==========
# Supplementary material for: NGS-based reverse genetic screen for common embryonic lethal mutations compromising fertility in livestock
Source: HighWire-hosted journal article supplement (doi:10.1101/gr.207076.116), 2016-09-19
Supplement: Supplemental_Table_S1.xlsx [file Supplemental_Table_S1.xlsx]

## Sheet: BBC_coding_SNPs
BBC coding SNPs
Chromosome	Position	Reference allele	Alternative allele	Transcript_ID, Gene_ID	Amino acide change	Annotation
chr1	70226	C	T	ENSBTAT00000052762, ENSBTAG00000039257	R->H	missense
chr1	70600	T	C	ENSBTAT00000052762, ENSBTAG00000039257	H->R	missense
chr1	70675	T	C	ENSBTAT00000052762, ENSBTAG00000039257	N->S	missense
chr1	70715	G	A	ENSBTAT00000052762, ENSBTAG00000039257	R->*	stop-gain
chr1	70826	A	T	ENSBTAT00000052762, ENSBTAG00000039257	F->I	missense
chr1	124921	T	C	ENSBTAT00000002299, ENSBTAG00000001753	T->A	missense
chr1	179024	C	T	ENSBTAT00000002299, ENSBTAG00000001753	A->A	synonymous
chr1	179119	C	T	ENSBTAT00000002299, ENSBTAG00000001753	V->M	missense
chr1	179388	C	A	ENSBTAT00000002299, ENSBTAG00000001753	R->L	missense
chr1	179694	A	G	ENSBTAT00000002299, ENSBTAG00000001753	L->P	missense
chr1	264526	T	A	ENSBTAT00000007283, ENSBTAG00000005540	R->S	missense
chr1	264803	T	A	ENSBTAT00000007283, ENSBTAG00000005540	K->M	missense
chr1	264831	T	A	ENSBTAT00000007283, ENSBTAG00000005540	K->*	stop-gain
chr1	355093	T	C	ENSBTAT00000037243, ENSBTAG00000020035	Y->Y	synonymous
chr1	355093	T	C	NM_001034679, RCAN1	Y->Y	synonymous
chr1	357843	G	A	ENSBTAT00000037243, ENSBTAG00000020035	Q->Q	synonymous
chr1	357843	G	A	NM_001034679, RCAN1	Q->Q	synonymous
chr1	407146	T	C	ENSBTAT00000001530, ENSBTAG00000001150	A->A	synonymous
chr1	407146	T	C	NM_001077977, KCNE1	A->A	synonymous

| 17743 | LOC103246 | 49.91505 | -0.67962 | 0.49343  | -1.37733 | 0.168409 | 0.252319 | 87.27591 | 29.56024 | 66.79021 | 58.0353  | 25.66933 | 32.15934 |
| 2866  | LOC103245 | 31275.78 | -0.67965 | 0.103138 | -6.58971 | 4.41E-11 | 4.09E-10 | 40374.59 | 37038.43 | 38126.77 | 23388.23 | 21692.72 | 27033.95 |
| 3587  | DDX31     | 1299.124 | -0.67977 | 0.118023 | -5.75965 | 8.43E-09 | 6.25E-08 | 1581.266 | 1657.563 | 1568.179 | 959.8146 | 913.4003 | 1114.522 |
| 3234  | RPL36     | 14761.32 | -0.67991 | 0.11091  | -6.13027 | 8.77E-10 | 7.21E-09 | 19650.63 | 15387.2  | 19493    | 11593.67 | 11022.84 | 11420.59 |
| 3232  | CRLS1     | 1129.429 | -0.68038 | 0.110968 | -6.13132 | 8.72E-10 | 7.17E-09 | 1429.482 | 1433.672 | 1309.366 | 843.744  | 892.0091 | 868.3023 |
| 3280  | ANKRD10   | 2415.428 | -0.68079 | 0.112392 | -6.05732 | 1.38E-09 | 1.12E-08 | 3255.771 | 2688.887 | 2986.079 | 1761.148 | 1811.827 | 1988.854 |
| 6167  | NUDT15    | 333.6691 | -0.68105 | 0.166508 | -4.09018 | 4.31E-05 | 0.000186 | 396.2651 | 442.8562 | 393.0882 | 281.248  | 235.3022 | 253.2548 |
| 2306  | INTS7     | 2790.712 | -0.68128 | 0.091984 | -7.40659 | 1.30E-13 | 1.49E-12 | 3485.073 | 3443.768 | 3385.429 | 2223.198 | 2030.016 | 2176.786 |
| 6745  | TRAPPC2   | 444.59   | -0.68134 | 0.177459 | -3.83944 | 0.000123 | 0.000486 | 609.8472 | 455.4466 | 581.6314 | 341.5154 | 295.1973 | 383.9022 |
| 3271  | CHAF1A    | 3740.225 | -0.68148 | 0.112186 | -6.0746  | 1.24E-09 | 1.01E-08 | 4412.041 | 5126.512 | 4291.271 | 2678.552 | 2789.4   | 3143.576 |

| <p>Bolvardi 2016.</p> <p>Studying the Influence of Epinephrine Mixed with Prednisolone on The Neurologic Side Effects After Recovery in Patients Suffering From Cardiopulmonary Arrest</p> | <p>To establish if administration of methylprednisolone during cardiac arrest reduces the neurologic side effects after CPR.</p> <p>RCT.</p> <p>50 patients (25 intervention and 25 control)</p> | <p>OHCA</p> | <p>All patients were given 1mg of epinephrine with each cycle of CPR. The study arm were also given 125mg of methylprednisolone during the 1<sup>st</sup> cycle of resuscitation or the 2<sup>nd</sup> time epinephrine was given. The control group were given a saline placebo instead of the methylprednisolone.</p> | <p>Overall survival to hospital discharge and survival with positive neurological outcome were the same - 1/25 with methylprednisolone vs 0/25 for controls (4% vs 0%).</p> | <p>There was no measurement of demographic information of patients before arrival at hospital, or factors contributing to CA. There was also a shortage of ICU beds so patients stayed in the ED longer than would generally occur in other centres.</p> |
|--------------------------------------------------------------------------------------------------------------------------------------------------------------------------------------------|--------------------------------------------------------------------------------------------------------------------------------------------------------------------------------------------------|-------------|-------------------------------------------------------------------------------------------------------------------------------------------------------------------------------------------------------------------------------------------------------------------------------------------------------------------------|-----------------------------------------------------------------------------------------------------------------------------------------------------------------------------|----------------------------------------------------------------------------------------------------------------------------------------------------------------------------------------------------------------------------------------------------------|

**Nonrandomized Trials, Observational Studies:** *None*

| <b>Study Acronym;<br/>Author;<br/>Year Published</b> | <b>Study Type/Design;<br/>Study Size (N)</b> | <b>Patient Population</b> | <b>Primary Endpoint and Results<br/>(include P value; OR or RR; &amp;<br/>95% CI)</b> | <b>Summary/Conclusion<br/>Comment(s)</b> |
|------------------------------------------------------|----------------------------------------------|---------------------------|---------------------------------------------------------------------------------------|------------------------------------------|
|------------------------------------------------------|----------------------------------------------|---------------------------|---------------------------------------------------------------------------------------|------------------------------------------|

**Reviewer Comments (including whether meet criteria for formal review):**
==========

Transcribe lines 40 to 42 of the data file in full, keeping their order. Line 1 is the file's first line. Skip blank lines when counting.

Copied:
|------------------------------------------------------|----------------------------------------------|---------------------------|---------------------------------------------------------------------------------------|------------------------------------------|
|------------------------------------------------------|----------------------------------------------|---------------------------|---------------------------------------------------------------------------------------|------------------------------------------|

**Reviewer Comments (including whether meet criteria for formal review):**